A petition to the White House requesting the removal of Aaron Swartz’s prosecutor before his death has surpassed 25,000 signatures – which means the Obama administration must reply. It comes one month after the internet activist committed suicide.
Petitioners are demanding that Assistant US Attorney Stephen Heymann be removed from office, stating he went too far in prosecuting 26-year-old Swartz. The petition was posted on the White House’s “We the People” website on January 12.
Swartz, who hanged himself in his New York apartment on January 11, was under indictment for 13 felony charges relating to the illegal downloading of millions of academic articles from subscription database JSTOR.
The charges included breaching site terms and intending to share downloaded files through peer-to-peer networks, computer fraud, wire fraud, obtaining information from a protected computer, and criminal forfeiture. If Swartz would have been found guilty, he would have faced decades in jail and a $1 million fine.
But Swartz’s supporters say the charges were not equal to the 26-year-old’s crime.
“We should not destroy the lives of human beings for crimes against computer systems that harm no one and provide no benefit to the perpetrator,” the petition reads.
Swartz was undertaking a fellowship at Harvard’s Safra Center for Ethics when he allegedly downloaded more than four million academic journals from JSTOR, via an open connection at the Massachusetts Institute of Technology (MIT).
Supporters of the petition say such actions should be treated as forms of protest and civil disobedience, implying that Heymann was too harsh in his prosecution of Swartz.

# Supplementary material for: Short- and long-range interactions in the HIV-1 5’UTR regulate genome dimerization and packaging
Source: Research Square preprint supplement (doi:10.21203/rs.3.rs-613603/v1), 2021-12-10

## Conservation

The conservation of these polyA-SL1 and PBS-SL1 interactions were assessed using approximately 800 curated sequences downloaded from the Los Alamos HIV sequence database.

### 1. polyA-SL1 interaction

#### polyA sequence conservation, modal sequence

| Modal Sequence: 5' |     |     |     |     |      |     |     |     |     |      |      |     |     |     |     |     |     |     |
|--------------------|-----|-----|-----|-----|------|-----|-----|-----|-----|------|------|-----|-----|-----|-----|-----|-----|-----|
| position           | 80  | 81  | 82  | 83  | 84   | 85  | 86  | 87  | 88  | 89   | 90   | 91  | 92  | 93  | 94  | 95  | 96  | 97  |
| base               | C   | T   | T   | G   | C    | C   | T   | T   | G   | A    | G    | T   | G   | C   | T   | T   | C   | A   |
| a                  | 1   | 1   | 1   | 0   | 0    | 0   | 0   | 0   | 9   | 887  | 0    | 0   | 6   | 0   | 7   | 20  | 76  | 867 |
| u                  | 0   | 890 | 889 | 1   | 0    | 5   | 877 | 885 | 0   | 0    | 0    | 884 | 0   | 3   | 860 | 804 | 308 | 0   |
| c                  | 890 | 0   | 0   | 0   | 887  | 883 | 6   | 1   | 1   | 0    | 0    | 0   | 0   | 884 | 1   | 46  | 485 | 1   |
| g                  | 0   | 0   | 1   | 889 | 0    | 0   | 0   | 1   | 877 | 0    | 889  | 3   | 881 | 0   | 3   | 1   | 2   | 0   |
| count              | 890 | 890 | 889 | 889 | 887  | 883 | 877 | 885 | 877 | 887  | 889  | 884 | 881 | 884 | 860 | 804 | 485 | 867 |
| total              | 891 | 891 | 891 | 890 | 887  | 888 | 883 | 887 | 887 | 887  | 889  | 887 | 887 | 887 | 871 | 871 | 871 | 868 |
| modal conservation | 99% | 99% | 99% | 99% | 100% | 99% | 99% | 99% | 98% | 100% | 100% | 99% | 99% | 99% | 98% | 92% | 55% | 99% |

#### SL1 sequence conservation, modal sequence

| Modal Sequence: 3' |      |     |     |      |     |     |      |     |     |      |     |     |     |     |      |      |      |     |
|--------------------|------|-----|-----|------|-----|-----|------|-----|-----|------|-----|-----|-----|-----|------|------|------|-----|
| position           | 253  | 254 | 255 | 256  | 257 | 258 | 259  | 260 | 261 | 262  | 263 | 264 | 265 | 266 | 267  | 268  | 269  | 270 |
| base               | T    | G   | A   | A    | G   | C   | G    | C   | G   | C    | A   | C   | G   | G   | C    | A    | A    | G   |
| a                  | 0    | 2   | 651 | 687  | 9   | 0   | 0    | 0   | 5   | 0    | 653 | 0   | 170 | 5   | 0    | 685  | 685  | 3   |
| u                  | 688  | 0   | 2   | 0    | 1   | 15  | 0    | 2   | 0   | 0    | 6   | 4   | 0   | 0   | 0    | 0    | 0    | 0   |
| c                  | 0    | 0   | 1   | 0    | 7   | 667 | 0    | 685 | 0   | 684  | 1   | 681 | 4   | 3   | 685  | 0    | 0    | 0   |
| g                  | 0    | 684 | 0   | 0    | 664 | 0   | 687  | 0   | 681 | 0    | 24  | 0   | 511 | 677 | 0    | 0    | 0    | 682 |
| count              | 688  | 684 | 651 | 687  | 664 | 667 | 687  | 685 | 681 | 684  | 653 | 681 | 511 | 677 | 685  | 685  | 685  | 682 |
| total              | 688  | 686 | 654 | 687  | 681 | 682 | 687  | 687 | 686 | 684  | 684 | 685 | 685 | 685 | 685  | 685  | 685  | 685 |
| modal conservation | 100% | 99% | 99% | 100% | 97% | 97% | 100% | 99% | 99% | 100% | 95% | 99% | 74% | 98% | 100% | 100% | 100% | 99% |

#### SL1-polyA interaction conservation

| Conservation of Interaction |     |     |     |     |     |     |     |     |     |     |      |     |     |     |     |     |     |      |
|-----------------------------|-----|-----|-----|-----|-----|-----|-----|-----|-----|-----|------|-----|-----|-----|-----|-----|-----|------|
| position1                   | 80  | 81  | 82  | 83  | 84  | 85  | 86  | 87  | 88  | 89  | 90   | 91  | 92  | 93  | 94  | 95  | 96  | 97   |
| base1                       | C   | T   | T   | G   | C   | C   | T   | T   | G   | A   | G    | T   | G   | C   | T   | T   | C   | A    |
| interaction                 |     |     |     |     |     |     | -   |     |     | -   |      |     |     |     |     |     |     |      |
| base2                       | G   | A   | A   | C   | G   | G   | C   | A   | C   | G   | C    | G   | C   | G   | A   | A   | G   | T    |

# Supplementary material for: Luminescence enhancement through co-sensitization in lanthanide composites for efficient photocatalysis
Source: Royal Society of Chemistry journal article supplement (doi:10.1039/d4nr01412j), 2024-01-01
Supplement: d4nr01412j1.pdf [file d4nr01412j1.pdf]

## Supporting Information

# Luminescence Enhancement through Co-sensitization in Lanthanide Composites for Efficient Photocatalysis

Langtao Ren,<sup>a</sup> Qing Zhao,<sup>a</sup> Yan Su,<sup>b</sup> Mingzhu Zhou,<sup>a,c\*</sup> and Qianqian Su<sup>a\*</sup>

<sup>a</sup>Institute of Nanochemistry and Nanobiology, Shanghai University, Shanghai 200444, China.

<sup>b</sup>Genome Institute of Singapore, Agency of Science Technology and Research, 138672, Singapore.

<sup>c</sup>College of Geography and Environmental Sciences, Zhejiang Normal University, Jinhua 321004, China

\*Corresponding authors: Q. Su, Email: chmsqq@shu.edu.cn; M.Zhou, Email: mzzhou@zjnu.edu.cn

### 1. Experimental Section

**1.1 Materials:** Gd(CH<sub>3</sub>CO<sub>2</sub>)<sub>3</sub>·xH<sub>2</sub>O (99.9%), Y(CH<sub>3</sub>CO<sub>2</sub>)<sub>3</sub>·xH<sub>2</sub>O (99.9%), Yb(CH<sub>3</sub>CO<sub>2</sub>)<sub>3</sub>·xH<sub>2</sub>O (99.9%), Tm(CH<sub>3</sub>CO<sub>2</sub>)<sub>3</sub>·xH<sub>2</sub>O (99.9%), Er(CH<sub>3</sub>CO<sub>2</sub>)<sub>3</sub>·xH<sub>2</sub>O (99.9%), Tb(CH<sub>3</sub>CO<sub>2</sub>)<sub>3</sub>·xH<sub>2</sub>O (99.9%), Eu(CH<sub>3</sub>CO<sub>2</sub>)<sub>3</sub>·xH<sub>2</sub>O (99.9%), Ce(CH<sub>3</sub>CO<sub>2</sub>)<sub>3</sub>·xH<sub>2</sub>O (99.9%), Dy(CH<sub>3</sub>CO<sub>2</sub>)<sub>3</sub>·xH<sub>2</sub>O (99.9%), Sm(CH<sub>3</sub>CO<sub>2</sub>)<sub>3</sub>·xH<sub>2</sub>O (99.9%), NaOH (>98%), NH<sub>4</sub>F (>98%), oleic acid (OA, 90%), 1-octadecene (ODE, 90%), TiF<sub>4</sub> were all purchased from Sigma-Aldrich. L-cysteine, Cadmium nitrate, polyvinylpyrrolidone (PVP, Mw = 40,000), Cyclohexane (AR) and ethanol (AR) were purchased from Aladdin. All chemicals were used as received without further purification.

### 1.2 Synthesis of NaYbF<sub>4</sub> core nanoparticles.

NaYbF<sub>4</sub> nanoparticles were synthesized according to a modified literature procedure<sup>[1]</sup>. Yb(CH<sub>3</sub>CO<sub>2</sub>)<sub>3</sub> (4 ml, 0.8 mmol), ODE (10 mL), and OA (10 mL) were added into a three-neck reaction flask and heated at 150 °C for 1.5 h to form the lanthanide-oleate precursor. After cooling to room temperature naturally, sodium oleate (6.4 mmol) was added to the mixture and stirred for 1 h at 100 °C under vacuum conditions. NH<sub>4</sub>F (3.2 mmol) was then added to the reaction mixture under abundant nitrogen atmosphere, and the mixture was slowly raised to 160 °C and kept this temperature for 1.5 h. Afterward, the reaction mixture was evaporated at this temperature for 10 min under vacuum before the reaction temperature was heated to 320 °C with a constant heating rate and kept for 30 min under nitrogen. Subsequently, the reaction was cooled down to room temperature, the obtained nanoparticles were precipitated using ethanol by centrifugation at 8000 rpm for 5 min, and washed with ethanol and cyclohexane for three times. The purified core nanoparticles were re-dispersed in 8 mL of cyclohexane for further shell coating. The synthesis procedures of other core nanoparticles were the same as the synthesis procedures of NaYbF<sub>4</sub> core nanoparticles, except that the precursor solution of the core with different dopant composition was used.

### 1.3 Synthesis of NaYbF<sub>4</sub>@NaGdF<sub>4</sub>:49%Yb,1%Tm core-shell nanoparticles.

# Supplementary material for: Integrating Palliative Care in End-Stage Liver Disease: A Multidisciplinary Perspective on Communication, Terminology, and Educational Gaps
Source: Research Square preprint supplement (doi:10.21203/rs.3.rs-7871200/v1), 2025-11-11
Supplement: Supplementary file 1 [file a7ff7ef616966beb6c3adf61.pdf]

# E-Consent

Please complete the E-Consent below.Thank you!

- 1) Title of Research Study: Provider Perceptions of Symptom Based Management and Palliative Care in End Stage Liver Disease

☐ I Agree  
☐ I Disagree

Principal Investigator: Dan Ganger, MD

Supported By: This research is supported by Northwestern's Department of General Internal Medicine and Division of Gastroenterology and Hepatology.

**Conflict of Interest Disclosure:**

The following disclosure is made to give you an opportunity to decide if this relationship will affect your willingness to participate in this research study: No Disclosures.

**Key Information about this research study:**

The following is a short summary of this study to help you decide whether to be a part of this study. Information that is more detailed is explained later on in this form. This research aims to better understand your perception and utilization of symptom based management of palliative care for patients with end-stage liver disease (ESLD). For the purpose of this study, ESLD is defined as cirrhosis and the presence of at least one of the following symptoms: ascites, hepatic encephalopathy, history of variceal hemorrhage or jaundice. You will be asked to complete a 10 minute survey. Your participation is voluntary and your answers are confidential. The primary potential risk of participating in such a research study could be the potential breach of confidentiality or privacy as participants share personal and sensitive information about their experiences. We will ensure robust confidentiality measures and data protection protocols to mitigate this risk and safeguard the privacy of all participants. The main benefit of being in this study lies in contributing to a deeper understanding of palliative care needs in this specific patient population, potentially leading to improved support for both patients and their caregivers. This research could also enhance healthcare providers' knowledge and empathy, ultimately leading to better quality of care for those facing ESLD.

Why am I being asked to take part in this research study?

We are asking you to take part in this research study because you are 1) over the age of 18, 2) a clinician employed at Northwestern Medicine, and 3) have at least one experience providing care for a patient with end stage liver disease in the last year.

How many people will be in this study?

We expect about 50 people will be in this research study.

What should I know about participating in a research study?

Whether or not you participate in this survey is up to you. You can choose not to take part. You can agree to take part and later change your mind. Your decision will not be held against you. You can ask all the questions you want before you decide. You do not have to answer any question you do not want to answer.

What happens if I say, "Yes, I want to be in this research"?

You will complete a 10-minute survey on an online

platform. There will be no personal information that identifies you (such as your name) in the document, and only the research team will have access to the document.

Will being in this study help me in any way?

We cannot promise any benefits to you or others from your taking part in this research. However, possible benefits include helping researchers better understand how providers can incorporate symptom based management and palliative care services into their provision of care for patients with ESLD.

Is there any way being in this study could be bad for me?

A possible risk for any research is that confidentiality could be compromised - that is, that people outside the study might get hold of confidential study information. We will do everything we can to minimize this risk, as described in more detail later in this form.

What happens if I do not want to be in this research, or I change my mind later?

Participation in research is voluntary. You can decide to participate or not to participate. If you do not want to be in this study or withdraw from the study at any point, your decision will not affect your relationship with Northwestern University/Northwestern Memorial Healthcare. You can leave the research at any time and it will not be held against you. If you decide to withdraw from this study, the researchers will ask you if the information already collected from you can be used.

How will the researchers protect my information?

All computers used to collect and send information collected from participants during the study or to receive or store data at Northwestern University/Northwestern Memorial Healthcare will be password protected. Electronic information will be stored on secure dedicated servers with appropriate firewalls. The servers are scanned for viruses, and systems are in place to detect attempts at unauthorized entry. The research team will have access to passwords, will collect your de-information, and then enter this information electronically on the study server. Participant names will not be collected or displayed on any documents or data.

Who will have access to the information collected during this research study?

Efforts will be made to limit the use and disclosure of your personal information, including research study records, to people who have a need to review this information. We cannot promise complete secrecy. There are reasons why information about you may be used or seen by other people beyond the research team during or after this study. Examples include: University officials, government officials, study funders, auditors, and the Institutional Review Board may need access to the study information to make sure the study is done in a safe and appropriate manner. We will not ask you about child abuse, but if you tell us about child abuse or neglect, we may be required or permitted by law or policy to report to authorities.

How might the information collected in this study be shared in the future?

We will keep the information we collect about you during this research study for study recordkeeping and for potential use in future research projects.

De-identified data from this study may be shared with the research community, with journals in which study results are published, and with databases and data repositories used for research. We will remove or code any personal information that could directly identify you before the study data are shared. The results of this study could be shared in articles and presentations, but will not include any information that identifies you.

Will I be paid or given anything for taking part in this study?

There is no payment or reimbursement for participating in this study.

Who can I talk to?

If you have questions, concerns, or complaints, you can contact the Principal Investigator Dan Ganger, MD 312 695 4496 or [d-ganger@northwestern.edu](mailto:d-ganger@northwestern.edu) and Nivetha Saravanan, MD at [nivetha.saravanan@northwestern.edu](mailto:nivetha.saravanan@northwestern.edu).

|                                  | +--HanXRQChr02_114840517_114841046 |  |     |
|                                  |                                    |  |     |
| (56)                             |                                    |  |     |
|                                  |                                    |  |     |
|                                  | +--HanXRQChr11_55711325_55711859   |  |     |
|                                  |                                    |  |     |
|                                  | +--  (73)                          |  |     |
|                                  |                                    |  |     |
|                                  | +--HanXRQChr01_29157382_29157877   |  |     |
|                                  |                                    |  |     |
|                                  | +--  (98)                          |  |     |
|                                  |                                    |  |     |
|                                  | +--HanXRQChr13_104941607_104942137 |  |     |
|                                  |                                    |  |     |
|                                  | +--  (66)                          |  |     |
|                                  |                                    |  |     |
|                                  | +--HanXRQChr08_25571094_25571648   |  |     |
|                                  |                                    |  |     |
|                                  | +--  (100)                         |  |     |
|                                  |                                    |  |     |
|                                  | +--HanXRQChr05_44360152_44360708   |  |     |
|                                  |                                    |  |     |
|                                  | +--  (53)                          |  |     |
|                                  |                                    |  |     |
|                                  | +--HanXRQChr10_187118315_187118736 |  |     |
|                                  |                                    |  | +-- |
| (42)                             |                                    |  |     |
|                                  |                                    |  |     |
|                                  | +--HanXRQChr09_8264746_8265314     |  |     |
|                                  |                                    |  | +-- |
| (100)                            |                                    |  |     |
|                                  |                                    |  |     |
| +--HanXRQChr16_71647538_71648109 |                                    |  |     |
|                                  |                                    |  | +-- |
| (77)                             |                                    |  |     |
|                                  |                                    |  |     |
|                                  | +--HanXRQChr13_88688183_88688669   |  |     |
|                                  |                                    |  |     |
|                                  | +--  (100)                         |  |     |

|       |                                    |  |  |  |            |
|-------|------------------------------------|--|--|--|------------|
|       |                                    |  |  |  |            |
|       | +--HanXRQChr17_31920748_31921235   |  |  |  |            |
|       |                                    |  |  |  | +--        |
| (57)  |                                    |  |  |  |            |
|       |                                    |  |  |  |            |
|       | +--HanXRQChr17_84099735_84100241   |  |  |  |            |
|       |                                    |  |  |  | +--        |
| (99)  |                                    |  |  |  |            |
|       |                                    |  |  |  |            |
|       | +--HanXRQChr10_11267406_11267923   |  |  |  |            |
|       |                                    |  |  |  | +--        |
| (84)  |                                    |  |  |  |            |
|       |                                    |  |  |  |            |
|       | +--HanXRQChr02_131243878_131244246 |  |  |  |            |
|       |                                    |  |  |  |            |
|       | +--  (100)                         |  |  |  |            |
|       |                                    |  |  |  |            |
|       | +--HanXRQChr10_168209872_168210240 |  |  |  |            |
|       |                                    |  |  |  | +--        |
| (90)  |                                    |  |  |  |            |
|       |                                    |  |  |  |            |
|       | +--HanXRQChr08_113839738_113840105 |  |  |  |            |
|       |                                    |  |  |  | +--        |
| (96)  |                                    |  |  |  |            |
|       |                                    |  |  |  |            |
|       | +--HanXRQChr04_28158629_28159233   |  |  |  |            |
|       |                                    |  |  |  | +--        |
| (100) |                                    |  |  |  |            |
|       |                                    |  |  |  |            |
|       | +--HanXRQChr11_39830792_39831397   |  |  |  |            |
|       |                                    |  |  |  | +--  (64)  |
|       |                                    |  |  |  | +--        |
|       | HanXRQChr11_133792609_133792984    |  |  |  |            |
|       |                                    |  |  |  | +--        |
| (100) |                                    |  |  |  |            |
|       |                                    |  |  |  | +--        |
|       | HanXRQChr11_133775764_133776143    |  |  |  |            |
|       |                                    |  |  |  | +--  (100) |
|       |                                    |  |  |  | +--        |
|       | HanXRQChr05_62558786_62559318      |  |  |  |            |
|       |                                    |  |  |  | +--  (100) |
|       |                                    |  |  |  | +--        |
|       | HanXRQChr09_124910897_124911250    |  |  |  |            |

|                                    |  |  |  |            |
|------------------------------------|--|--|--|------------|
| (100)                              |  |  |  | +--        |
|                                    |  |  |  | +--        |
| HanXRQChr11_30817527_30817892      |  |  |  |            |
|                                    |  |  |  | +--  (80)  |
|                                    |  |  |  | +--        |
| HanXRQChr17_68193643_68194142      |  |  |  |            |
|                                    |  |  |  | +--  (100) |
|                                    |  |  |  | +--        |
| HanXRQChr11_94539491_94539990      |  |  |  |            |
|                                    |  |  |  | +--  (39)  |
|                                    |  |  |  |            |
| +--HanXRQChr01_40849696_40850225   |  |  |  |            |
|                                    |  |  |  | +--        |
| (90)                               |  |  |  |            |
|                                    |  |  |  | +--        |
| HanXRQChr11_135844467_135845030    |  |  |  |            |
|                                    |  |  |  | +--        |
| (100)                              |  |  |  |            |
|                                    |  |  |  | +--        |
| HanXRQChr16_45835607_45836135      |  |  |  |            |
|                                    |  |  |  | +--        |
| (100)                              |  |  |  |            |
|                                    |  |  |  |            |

It’s not the first time that a defendant has committed suicide in the midst of a trial handled by Heymann. Jonathan James – a defendant in the famous TJX hacking case did the same in 2008 after Heymann fought for his 20-year prison sentence.
“To prosecute these actions the same as rapes and murders is a savage abuse of the criminal justice system which continues to destroy the lives of peaceful, productive members of society,” the petition says.
The trial was deemed highly controversial because JSTOR – the alleged ‘victim’ in the case – wasn’t the one to press charges. The Federal government was.
“We stopped this downloading activity, and the individual responsible, Mr. Swartz, was identified. We secured from Mr. Swartz the content that was taken, and received confirmation that the content was not and would not be used, copied, transferred, or distributed,” the company said in its statement on the prosecution.
But the statement meant very little to the United States Attorney’s Office, who pressed on with the case.
The case had gone through pre-trial motions for 18 months, and was set for jury trial on April 1.
Swartz’s supporters filed the petition before the White House changed its signature threshold last month. Any further petitions regarding the case will need to reach at least 100,000 signatures.